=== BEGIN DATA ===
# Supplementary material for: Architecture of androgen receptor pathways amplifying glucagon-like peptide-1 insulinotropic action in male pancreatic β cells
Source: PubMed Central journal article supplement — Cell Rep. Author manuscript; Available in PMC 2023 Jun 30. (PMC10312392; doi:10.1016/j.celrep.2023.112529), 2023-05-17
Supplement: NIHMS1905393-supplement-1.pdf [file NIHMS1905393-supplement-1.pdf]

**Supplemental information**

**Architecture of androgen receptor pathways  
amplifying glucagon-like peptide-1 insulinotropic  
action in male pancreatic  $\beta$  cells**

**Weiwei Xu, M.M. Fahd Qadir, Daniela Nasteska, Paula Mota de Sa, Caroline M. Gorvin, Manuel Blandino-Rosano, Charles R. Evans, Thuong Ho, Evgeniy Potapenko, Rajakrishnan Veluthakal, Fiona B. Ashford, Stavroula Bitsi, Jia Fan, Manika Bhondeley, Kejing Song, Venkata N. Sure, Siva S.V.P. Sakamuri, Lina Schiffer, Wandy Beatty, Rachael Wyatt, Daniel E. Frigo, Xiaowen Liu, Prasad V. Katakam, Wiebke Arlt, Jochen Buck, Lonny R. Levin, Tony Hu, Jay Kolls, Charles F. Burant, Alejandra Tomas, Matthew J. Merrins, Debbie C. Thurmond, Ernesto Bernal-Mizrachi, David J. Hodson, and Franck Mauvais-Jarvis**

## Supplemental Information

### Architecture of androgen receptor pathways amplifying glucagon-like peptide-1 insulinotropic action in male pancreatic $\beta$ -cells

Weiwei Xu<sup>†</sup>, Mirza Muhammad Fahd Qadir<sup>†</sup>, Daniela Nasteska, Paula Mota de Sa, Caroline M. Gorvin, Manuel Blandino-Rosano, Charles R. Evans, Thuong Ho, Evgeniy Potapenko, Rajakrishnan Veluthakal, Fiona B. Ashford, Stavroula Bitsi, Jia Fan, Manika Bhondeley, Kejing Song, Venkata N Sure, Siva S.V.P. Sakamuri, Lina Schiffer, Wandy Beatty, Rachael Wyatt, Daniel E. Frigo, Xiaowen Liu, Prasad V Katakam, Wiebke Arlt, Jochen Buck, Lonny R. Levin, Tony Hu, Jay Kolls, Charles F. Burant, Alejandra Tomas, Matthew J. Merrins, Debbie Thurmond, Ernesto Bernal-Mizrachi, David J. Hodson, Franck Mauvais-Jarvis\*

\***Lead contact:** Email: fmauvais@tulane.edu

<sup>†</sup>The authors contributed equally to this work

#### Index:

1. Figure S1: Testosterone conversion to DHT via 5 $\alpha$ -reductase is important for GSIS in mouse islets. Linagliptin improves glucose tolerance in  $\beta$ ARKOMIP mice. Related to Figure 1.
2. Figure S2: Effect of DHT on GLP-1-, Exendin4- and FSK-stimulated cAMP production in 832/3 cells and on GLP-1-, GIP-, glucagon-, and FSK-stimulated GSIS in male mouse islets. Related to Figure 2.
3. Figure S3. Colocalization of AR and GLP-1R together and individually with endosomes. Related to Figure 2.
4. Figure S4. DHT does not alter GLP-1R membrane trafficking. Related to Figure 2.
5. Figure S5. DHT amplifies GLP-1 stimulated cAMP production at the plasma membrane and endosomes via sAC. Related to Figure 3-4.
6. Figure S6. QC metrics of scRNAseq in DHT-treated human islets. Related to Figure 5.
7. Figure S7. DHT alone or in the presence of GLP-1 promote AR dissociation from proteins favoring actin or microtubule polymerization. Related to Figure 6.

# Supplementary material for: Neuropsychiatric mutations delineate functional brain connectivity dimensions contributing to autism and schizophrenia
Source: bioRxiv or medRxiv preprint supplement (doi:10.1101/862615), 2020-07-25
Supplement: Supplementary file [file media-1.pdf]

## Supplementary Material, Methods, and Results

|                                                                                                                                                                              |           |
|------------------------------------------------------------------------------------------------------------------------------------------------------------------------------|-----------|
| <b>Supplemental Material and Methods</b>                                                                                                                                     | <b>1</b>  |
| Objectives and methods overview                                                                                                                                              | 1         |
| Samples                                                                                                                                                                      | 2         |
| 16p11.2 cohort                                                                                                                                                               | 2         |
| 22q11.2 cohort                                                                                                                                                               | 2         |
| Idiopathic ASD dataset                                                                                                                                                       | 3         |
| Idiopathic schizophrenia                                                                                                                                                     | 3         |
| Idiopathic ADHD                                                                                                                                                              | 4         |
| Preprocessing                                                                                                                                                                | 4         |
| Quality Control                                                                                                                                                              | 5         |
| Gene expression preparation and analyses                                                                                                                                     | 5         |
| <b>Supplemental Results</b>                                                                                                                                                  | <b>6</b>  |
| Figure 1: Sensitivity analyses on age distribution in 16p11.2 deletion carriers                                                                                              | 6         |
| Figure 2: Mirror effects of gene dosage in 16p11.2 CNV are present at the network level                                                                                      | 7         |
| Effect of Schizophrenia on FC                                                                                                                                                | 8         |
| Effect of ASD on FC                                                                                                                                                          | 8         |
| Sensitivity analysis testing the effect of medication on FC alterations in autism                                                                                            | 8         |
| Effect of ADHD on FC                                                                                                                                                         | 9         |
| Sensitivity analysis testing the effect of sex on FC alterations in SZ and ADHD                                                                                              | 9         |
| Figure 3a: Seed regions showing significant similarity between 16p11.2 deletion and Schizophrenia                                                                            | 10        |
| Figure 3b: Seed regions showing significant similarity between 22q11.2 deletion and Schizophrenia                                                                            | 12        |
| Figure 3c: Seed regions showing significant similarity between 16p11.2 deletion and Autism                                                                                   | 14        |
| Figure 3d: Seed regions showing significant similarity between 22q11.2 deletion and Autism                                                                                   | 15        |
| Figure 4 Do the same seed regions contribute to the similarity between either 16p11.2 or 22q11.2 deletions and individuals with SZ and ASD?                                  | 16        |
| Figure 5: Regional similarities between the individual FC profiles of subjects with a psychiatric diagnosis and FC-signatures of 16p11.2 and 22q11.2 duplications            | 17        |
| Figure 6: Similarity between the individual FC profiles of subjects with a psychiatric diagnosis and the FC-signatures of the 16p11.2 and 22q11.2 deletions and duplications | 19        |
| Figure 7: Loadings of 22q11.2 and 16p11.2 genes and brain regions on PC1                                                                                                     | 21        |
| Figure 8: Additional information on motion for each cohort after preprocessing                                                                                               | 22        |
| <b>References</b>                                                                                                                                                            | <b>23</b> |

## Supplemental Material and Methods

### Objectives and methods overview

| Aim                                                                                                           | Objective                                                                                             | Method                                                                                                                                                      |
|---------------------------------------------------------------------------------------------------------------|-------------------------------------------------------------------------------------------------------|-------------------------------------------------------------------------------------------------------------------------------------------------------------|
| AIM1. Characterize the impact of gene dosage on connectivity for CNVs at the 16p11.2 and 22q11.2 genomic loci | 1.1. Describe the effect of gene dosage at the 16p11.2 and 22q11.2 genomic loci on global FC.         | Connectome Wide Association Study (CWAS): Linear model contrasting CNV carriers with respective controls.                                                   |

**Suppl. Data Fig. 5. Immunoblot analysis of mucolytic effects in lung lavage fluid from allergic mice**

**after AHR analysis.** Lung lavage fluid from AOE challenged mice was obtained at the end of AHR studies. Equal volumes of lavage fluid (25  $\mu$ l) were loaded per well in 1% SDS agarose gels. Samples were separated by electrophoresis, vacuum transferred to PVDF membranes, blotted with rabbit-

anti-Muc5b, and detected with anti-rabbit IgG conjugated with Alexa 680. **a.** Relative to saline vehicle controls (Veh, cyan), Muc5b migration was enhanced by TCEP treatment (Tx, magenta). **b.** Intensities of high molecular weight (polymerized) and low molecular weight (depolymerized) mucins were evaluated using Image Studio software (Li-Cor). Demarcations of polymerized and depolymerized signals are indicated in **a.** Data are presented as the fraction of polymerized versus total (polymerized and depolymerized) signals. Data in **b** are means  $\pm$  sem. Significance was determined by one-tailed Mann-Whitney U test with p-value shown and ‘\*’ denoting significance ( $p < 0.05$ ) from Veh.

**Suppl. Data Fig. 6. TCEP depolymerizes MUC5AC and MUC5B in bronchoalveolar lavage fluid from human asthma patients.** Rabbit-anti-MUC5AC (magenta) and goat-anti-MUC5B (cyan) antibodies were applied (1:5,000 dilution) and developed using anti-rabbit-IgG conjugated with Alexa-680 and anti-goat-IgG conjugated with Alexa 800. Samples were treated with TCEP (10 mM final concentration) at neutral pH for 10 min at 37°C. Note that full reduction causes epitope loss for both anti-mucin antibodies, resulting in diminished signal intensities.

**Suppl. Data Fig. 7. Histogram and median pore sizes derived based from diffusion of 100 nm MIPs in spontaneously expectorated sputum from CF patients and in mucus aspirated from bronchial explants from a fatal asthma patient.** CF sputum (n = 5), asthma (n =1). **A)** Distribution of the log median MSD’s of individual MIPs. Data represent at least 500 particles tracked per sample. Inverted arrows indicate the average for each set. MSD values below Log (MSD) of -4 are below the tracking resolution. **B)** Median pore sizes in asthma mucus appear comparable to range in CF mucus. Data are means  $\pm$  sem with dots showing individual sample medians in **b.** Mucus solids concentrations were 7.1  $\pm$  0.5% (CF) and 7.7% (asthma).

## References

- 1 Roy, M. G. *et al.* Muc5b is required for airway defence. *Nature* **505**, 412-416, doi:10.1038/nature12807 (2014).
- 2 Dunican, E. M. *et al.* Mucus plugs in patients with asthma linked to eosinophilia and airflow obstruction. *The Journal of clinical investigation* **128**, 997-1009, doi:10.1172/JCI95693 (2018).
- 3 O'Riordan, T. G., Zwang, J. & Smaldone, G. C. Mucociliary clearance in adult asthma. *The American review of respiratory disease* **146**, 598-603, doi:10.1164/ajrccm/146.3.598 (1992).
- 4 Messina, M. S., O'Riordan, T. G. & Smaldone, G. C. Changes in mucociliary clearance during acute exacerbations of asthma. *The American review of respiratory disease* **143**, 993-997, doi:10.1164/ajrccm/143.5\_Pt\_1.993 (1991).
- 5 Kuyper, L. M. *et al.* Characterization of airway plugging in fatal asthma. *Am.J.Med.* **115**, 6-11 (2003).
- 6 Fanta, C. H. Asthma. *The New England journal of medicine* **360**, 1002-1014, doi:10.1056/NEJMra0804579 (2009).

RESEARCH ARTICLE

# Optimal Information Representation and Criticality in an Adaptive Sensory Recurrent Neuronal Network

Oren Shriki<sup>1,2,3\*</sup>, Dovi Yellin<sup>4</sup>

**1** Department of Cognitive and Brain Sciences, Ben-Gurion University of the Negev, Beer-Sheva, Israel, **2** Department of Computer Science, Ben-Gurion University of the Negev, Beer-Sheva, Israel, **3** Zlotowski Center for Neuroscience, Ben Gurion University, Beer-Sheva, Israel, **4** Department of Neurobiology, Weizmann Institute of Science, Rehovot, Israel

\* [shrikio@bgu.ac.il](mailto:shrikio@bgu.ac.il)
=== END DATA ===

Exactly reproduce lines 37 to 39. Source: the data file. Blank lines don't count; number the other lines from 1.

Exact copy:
| Quality Control                                                                                                                                                              | 5         |
| Gene expression preparation and analyses                                                                                                                                     | 5         |
| <b>Supplemental Results</b>                                                                                                                                                  | <b>6</b>  |